Archive for December, 2010

Interlude – Holidays

I have to apologize to all the faithful readers of this blog for having more or less dropped off the face of the earth in the past few weeks. Unfortunately, as everyone knows, there are times in which our creative vein seems to have dried off, when coming up with something interesting (or even coherent) becomes an ordeal rather than a pleasure. For a number of reasons, in the past month or so I have hit such a patch, and that has inevitably affected my output as a reviewer, as well as my overall motivation.

My biggest apology goes to all those musicians who have sent me their material to review, and to whom I promised to produce something in short order. I hope that they, as creative artists, will understand my plight, and be  willing to wait a little longer for me to produce a decent write-up on their material. As things stand now, I would probably turn out  something definitely sub-par, and disappoint their expectations.

It is therefore a lucky coincidence that an almost three-week trip to Italy is coming up in a few days, which will allow me to unplug and recharge my batteries, so to speak – staying away from computers, spending time with family and friends, or just walking through the streets of Rome (which I have been missing so badly) and enjoying the festive atmosphere. I believe I burned myself out when churning out 12 reviews per month, and now need to regain afresh my enthusiasm for this very rewarding activity.

On the other hand, this is the perfect opportunity for me to wish the very best to all of you who have supported my blog in the past few months, and made sure it gets a fair number of visits every week, even when new posts are few and far between as they have been this month of December. I hope you will all spend a great holiday season with your family and friends, and then be ready to face a new year full of exciting musical challenges. Thank you for your friendship and support, and see you in 2011!

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1. Three Score And Ten, Amen (5:36)
2. Time Lament (6:04)
3. Take Me Back To Doomsday (4:26)
4. The Daughter Of Time (3:30)
5. Theme For An Imaginary Western (4:05)
6. Bring Out Your Dead (4:25)
7. Downhill And Shadows (6:11)
8. The Time Machine (8:12)

Jon Hiseman – drums
Dick-Heckstall-Smith – saxes
Dave Greenslade – organ, piano, vibes
Clem Clempson – guitar, vocals
Mark Clarke  – bass
Chris Farlowe – vocals

Barbara Thompson – flute, saxes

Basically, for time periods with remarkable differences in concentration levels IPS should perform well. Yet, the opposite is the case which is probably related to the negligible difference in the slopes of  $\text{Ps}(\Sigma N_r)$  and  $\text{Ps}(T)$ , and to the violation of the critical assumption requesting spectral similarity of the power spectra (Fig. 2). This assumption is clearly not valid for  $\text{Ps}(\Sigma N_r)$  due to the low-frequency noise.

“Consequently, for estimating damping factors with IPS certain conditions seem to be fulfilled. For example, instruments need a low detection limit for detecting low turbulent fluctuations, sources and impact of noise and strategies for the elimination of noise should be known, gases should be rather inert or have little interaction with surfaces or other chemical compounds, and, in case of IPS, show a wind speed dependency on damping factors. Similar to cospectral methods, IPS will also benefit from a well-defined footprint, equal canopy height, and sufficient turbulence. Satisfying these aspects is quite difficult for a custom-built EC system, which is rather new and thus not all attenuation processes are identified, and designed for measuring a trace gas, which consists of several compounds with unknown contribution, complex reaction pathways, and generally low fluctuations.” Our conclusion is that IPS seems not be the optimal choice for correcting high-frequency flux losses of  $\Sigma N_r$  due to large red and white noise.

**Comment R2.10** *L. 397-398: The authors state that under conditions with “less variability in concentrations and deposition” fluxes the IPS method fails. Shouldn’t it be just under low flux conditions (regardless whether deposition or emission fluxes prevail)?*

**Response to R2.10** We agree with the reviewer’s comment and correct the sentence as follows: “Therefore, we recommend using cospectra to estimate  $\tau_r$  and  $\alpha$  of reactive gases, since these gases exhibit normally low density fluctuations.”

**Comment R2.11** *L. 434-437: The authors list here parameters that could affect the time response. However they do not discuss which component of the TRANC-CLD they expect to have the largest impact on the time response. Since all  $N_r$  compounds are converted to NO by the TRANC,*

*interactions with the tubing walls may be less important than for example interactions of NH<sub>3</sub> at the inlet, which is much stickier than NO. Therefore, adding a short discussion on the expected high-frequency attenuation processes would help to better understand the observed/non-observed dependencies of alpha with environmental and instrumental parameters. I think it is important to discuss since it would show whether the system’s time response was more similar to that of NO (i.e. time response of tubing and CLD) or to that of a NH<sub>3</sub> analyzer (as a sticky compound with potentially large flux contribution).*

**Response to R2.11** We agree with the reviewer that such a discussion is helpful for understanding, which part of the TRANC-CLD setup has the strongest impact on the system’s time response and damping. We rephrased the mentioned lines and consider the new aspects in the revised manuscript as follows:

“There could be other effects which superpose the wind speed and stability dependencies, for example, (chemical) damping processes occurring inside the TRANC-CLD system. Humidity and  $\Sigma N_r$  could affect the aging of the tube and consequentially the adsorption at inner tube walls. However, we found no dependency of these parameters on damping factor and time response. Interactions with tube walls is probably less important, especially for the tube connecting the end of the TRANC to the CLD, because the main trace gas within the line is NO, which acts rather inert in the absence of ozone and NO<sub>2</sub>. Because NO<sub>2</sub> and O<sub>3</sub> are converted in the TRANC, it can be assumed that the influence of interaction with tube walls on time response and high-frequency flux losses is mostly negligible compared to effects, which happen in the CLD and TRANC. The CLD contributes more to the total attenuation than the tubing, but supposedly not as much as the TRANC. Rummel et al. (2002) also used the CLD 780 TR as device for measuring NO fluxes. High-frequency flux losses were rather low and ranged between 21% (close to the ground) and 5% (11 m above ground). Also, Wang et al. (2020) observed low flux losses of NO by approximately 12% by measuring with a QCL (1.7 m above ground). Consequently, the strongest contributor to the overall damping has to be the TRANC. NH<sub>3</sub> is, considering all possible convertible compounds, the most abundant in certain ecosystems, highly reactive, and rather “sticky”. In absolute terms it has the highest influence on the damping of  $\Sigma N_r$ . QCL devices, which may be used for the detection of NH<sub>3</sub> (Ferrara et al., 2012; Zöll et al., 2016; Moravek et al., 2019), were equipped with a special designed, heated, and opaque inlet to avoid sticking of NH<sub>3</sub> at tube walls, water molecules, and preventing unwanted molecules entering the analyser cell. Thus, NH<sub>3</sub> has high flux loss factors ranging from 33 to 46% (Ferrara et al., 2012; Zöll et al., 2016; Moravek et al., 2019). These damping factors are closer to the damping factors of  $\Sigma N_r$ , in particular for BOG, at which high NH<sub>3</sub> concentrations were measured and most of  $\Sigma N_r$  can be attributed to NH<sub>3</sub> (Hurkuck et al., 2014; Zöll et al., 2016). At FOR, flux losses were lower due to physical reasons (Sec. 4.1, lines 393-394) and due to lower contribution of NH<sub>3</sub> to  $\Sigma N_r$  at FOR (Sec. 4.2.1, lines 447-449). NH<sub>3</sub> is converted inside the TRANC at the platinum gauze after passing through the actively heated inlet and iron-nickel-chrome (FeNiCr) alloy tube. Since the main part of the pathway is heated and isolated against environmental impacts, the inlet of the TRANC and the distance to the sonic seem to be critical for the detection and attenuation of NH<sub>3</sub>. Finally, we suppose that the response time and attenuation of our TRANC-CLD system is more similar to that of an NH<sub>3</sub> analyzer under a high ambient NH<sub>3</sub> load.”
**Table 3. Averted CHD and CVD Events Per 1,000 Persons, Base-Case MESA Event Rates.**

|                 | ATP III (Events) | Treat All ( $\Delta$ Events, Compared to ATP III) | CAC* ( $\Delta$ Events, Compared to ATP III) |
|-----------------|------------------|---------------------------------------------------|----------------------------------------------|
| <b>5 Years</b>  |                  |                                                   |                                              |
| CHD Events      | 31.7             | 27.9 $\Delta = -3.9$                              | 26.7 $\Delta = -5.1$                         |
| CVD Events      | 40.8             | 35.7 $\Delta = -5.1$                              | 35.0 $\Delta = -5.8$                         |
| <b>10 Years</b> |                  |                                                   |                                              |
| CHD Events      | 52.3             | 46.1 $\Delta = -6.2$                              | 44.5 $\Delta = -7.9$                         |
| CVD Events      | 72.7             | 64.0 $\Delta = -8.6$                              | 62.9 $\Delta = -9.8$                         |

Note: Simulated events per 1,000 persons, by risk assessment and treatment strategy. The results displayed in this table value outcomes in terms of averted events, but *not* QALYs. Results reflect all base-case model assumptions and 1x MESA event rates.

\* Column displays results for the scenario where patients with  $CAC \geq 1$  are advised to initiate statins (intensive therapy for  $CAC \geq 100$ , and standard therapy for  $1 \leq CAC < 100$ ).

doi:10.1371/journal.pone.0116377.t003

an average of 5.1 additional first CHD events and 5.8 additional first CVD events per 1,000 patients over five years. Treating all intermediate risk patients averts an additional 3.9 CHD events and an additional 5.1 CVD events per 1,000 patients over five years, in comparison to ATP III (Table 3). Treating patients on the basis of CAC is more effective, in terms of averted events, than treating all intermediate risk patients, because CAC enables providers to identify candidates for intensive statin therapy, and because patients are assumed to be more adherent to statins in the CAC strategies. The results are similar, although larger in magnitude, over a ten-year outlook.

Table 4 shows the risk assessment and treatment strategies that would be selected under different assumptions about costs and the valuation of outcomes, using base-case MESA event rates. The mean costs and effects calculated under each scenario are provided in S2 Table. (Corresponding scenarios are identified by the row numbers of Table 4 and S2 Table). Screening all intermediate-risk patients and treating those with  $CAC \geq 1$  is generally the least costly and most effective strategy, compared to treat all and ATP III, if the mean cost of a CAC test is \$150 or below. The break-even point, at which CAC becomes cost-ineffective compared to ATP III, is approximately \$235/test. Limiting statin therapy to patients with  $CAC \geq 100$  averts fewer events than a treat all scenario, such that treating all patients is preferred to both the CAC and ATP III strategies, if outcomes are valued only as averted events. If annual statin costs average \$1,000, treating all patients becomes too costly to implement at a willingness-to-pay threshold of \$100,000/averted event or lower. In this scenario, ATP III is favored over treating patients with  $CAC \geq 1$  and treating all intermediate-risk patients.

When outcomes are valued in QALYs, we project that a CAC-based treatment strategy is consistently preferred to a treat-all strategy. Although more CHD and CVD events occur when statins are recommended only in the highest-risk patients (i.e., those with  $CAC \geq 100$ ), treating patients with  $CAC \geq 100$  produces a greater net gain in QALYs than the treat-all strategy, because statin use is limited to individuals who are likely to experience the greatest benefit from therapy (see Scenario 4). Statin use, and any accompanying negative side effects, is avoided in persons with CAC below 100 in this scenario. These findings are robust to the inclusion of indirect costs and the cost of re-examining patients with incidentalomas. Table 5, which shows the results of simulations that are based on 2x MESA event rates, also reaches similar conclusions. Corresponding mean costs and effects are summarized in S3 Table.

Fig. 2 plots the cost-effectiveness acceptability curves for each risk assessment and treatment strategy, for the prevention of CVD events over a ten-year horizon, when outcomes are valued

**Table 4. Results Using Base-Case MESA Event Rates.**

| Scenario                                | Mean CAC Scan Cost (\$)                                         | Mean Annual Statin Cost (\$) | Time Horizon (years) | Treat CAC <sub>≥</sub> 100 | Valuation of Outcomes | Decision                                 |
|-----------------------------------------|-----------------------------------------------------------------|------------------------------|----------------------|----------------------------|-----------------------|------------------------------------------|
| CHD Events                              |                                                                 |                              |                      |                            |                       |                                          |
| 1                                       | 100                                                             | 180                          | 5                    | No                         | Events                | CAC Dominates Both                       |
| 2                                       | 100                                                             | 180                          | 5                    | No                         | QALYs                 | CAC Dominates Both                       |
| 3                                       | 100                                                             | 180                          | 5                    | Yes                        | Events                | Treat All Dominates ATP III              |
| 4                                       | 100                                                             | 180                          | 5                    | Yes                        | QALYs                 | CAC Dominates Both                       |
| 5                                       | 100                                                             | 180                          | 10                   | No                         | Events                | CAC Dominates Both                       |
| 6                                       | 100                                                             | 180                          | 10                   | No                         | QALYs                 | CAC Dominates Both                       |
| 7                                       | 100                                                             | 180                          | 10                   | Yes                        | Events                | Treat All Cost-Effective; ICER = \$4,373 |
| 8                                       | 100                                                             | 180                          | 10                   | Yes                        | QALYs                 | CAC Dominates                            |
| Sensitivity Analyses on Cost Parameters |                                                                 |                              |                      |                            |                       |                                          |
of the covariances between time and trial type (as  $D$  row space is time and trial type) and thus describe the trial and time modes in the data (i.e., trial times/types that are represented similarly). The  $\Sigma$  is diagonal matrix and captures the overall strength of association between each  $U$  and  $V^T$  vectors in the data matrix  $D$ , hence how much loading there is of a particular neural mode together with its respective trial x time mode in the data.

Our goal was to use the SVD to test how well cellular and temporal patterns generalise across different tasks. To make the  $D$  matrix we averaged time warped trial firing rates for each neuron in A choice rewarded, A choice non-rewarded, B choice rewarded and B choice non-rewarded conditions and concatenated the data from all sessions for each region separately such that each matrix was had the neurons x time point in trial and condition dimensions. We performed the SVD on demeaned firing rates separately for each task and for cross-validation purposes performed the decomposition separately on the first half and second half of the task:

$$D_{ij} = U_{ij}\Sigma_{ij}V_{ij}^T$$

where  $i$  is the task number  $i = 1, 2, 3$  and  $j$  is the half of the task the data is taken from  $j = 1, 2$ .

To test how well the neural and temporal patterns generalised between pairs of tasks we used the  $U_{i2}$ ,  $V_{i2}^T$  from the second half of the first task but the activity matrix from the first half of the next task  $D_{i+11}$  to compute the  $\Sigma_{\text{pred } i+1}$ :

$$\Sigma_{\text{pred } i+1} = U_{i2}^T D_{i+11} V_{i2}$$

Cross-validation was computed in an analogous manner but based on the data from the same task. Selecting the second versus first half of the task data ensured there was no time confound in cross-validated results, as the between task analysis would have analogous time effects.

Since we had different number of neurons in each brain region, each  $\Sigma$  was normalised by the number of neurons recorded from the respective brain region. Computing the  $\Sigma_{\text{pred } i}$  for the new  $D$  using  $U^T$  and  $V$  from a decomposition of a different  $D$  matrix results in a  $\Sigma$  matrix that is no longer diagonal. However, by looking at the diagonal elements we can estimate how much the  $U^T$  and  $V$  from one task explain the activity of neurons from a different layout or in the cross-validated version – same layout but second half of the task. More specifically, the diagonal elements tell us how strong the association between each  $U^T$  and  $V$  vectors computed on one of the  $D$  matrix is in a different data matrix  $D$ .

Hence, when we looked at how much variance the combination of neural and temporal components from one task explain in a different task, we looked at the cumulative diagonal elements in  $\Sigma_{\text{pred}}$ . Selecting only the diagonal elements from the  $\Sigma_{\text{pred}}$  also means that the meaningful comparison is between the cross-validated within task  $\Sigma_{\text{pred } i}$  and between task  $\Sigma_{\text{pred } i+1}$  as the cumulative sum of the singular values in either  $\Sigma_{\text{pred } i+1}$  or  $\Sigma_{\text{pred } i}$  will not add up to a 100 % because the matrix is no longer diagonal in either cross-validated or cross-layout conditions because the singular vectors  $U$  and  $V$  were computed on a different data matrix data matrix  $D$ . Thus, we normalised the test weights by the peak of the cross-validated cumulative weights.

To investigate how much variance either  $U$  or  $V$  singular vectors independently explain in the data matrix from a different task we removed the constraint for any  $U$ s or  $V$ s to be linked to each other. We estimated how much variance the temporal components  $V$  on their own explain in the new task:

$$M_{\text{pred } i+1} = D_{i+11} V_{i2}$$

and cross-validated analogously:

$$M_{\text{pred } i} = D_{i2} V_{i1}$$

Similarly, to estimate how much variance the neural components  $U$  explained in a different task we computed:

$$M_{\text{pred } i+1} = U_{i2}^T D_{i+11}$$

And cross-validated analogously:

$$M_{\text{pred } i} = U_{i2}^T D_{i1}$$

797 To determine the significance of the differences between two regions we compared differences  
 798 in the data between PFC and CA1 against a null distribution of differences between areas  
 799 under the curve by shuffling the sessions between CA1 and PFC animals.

Louis Cennamo – bass

Colosseum’s first studio album since the departure of singer/guitarist James Litherland (who went on to form the short-lived Mogul Thrash, known for having been John Wetton’s first band) sounds at the same time similar and unlike its illustrious predecessor, Valentyne Suite.  In comparison with the latter, it is a bluesier, jazzier effort, somewhat ‘bigger’-sounding, and with a harder, more guitar-oriented edge.

While progressive rock  fans will find a lot to enjoy in Daughter of Time, at least as regards the instrumental performances, new singer Chris Farlowe’s powerful, blues-tinged vocals do not fit with many people’s expectations of what a prog singer should sound like, and for some they may even be an acquired taste. To these ears, though, his voice is simply stunning, and complements perfectly the epic sweep and overall uplifting mood of the album.

I set great store by the opening track of an album, and “Three Score and Ten, Amen” does not disappoint, with Farlowe’s commanding vocals fitting perfectly into the lush texture of Colosseum’s music. Saxophonist  Dick Heckstall-Smith is joined by Barbara Thompson (Jon Hiseman’s wife) on flute, so that the presence of a mini brass section boosts the band’s already dramatic sound, providing a foil for Hiseman’s textbook-perfect drumming. Clem Clempson’s brilliant guitar work shines throughout the album,  and the instrumental section of “Time Lament” showcases his sadly underrated skills as a six-stringer. “Take Me Back to Doomsday”, my own personal favourite, is an exhilarating ride dominated by an awesome vocal performance by Farlowe and Greenslade’s scintillating piano, as well as a soothing, tasteful flute section.

While the title-track may sound slightly too bombastic for comfort, “Theme for an Imaginary Western” is another vocal tour-de-force for Farlowe, though of a somewhat more understated nature than his trademark, over-the-top style. Originally written by legendary bassist Jack Bruce for his 1969 album, Songs for a Tailor, it is a melancholy ballad vaguely reminiscent of Procol Harum’s best efforts. The intricate instrumental “Bring Out Your Dead” “, featuring sterling organ work by Dave Greenslade, comes closest to the band’s sound on Valentyne Suite; while the powerful, bluesy “Downhill and Shadows” introduces the live recording of “The Time Machine”, mainly an extended solo by master drummer Jon Hiseman. Even if drum solos have the reputation of being all too often terminally boring, this one is eminently listenable even for non-musicians.

The release of Daughter of Time was followed in 1971 by the legendary  Colosseum Live!, and then by the rather unexpected demise of the band.  The same line-up got back together in 1994 for a tour, which led to a permanent reformation of Colosseum.  Barbara Thompson, who had often guested in the band’s live performances, eventually replaced Dick Heckstall-Smith after his untimely passing in 2004.  On any account, though not as ground-breaking as Valentyne Suite, and slightly less cohesive, Daughter of Time is an excellent offering, blending jazz, blues, classic rock and progressive stylings in a single package – as well as lashings of genuine emotion. A highly recommended release from one of the landmark years in the history of rock.

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